most prominent citizeris. He was born in 1674, at Northampton,
in England. His father, captain Roger Dudley, was " slaine in
ye warres," in battle, when Thomas was very young. "But God
took him up when he was forsaken, and stirred up some special
friends who took care of him in childhood."

It is said that some unknown person left him £500, and that a
Mrs. Pufroy, a widow, noted for her piety and works of charity,
took an interest in him, and by her care he got some little educa-
tion, and was taught Latin and grammar.

He was afterwards page to the Earl of Northumberland, in
whose family he learned " courtship and whatever belonged to
civility and good behaviour."

He then became clerk to Judge Nichols, a connection by his
mother. In this position he acquired some knowledge of the law.

When only twenty years old, he had become well known about
Northampton, for his wit, mettle and spirit, and Queen Elizabeth
gave him a captain's commission. He raised a company of eighty
men and went over to France under Henry IV. In 1597, he was
at the siege of Amiens, but the treaty being concluded before he
had had any fighting, he returned home.

At this time there were several eminent Puritans preaching in
that neighborhood, whom he often heard. Under their influence
the character of Dudley was fixed, and some new elements were
developed in it which changed its aspect altogether. His high
spirits showed themselves in his religious zeal.

Soon after this he became steward to the Earl of Lincoln, Thc-
ophilus, whose affairs he managed for about ten years. The
Earl's affairs were much involved. There were heavy debts up-
on the estates, and a great deal of business to be done which re-
quired not only energy and activity, but labor, prudence and
judgment. In this office Dudley met with complete success, as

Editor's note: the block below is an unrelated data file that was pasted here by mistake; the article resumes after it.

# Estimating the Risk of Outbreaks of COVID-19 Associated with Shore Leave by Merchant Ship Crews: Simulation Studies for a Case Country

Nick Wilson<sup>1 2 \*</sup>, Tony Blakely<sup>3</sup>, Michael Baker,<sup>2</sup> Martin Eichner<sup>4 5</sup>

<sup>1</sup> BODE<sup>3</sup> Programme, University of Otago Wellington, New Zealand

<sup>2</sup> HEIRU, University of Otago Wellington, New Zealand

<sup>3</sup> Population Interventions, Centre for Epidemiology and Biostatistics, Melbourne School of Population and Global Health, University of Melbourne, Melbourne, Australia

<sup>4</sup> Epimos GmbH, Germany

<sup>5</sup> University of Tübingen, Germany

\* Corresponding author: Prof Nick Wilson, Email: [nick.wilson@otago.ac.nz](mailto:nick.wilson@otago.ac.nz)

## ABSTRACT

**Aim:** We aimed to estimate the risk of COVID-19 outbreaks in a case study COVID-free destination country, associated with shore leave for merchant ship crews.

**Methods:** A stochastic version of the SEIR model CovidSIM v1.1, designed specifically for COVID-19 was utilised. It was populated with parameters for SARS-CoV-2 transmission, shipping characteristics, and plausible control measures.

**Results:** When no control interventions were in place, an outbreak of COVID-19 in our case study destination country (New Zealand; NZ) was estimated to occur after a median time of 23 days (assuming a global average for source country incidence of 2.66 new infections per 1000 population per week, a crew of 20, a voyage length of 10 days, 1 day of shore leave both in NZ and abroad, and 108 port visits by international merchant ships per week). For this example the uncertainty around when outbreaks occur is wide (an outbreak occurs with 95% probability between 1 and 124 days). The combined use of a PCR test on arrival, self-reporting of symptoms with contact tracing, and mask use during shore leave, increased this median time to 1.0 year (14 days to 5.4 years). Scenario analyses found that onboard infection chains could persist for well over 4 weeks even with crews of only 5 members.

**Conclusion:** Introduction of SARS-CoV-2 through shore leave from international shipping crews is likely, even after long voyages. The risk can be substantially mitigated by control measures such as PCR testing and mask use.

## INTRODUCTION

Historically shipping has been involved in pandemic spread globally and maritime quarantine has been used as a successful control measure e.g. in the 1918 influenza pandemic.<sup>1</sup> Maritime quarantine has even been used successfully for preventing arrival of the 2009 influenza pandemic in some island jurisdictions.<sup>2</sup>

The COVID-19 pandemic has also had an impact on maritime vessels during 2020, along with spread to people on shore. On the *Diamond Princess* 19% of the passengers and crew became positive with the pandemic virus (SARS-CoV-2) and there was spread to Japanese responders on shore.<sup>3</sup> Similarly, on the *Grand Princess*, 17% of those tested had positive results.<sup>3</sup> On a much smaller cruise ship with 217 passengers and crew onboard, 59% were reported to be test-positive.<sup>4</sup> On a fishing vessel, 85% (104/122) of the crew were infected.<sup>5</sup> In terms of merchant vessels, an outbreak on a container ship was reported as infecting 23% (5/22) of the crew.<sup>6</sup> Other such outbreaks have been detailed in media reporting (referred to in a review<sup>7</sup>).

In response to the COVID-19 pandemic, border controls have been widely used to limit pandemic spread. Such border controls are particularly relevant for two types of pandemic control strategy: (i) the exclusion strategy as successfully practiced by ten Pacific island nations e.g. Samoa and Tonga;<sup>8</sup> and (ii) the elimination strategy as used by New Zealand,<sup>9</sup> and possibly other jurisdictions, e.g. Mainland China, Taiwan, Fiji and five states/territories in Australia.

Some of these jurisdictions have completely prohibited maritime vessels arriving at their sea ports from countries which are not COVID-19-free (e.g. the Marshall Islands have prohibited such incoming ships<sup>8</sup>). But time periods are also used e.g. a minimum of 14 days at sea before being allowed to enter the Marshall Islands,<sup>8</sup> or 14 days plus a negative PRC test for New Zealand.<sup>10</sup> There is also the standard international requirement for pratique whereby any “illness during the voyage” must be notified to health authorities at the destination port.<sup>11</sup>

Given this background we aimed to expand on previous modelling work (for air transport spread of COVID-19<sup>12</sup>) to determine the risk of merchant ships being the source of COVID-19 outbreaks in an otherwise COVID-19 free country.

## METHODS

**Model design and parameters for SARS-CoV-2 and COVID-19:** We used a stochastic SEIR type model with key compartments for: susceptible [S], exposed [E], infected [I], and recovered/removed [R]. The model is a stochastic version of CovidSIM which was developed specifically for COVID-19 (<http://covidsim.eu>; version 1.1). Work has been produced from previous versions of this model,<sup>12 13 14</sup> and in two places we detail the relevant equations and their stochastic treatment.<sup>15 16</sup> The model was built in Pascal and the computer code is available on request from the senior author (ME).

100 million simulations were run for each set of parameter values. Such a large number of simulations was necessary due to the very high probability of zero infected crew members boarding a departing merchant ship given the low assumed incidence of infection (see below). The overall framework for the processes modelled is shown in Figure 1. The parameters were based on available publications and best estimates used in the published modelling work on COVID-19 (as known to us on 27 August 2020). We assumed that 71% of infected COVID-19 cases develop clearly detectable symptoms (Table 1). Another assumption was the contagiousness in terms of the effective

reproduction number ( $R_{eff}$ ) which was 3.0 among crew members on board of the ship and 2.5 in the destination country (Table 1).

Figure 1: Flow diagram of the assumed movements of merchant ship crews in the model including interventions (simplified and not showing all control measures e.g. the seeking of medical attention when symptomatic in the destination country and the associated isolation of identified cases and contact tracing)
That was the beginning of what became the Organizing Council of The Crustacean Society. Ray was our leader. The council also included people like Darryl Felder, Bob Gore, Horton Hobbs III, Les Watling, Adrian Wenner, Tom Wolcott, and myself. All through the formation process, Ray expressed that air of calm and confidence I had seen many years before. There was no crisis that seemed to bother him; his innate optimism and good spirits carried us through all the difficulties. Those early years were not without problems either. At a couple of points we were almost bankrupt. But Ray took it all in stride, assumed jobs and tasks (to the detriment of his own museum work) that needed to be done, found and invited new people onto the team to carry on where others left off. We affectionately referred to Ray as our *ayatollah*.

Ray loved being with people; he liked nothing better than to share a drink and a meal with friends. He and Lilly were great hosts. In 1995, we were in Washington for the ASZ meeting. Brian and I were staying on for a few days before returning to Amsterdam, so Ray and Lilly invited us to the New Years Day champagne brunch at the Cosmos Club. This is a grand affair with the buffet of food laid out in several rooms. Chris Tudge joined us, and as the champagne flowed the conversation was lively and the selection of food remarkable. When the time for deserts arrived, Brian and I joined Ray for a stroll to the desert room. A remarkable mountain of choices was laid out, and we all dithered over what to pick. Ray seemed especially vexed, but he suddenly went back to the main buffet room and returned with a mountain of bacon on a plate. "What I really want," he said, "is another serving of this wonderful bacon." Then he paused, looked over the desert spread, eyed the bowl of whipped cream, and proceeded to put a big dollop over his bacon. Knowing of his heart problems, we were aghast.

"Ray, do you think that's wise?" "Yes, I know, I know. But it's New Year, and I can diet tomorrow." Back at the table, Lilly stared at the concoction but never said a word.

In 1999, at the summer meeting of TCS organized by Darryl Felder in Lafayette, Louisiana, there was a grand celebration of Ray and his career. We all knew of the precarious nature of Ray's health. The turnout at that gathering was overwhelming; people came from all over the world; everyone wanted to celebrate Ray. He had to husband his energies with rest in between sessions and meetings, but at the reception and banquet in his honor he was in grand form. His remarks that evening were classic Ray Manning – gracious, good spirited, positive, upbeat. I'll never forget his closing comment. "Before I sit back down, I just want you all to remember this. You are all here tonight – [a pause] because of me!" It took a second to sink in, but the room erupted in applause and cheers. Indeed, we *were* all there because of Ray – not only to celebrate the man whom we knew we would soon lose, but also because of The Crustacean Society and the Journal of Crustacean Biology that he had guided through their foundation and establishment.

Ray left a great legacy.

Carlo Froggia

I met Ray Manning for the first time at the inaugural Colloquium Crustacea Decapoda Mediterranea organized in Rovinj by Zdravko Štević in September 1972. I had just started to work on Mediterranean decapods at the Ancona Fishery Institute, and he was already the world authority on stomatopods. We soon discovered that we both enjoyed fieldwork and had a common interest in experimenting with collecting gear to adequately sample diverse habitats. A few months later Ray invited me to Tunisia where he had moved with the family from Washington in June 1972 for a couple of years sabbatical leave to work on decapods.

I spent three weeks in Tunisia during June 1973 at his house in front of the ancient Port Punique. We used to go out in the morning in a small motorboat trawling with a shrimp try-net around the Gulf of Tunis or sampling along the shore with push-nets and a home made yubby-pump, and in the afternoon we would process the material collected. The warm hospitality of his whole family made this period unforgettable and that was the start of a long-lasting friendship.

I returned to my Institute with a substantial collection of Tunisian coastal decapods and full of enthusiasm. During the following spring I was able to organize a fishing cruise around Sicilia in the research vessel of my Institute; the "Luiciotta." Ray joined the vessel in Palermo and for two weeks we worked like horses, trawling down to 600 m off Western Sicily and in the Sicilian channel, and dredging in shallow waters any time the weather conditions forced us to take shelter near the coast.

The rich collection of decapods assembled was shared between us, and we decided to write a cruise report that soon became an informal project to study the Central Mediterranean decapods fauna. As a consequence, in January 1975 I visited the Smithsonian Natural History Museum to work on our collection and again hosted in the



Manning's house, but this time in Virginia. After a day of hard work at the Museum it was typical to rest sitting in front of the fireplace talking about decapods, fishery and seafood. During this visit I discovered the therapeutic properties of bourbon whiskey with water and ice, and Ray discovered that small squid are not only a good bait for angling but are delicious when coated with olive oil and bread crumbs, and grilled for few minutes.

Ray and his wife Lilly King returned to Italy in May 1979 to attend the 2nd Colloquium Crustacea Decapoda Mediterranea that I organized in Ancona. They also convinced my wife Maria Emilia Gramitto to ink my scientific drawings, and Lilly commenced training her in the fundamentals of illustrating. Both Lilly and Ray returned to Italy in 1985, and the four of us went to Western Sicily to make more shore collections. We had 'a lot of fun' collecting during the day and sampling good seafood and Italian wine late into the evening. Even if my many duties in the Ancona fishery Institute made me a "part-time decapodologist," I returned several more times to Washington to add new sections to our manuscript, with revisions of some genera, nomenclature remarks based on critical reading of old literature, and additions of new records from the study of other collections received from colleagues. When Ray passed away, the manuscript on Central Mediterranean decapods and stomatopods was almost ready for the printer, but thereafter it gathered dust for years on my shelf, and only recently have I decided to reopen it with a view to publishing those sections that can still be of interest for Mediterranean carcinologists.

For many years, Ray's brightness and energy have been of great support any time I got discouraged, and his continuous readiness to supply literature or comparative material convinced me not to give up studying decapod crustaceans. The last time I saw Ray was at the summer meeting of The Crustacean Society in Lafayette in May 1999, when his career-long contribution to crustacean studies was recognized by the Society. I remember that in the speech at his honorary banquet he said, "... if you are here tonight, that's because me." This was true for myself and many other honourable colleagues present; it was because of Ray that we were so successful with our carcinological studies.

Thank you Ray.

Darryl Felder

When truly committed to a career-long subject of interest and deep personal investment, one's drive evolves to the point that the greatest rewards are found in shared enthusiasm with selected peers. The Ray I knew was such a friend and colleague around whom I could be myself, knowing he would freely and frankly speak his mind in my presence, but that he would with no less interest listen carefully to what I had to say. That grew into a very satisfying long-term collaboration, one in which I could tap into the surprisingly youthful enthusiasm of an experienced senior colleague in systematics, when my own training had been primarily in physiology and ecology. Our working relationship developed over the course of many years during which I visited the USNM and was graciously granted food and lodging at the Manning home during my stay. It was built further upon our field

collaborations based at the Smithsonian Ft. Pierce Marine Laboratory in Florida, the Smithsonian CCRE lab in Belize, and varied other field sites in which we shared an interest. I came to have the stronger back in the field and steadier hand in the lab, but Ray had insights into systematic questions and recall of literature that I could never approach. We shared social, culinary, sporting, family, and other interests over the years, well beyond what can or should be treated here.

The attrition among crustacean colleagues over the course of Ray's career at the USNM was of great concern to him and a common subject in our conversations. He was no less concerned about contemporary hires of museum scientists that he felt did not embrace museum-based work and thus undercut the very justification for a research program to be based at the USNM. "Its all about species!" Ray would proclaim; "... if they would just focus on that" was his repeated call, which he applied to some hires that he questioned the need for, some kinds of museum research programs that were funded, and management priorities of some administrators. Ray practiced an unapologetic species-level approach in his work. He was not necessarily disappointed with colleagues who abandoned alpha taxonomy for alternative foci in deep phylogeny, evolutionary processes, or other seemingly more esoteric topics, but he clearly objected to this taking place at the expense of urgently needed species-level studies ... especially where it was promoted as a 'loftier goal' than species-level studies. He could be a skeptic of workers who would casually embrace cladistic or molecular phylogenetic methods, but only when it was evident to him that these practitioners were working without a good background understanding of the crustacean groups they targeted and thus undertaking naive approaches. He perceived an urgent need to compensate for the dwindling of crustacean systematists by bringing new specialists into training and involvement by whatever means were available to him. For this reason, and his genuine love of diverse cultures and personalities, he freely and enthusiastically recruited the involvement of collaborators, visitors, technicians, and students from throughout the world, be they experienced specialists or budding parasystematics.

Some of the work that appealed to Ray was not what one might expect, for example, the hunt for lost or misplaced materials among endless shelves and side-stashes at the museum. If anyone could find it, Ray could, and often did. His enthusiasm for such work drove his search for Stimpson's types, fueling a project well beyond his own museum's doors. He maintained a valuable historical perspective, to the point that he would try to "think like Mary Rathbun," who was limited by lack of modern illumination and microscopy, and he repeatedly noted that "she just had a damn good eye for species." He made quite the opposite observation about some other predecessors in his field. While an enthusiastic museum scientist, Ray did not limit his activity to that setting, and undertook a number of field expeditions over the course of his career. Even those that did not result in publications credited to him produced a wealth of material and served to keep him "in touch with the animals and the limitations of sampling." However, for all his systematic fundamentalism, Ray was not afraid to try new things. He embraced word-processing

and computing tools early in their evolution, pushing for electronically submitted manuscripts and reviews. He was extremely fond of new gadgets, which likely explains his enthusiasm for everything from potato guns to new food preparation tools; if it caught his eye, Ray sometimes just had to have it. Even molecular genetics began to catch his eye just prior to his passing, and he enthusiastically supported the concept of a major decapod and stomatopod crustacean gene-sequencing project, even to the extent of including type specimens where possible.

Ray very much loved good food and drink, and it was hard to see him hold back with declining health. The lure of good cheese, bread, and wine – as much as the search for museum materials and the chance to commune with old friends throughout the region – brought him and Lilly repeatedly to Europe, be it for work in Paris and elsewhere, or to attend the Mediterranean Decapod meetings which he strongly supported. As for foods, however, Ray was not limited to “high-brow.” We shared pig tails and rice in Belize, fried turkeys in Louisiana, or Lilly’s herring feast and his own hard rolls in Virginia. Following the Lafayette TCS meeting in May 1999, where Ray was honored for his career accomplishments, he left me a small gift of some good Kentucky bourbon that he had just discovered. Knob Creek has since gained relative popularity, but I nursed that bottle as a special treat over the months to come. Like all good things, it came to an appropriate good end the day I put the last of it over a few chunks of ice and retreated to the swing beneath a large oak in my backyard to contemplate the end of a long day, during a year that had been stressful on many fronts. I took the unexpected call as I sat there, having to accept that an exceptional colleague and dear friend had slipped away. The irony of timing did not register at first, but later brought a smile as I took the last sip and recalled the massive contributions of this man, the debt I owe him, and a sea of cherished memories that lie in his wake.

is shown by the situation of the Earl's affairs when he left him,
and by the fact that he always retained the esteem and respect of
the family. He was the executor of Johnson, the Earl's son in



But his desire for a less laborious business, together with his
religious opinions induced him to hire a place at Boston, where
he could be under Mr. Cotton, with whom he became very inti-
mate. He did not remain long here, however, before at the pres-
sing call of the Earl of Lincoln, he again consented to take the
management of his affairs, and he remained with him till he came
to New England.

The first connection of Dudley with the Massachusetts colony
was when the Boston men promised " to adventure £400 in the
joint stock of the company, but aftei wards that ten persons at leasS
should underwrite £25 each, and to adventure themselves £250,
and to provide able men to send over to manage the business."
His name first occurs at the meetings of the general court towards
the last of that year. In October he was chosen one of the com-
mittee for the planters. In December he was chosen one of the
undertakers. He was chosen one of the assistants, and when
aboard the Arabella, at the last meeting held in England by the
company, it being found that Humphrey who had been chosen
deputy Governor could not come, Dudley was chosen deputy
Governor in his place-
He was then about fifty-six years old, but very strong in body
as well as mind. He had amassed some property, and, what was
of more moment, had had his character developed and nerved by
long and varied experience, and by the very life that would seem
to be the fittest path for one to take who was to enter upon the
duties that were before him. Till his death he was one of the
governing minds of the colony. He always held one of the high-
est offices.

Dudley brought with him to this country his wife Dorothy and
his children, Samuel, born in 1606, a minister, who married
Mary Winlhrop ; Anne, the wife of Governor Bradstreet ; Pa-
tience, wife of General Denison ; Mercy, wife of Rev. Jno. Wood-
ridge ; another who married Major Keayne ; and Dorothy.

He first went to Newtown, which is now Cambridge, it being
agreed that the town and settlement should be there. But when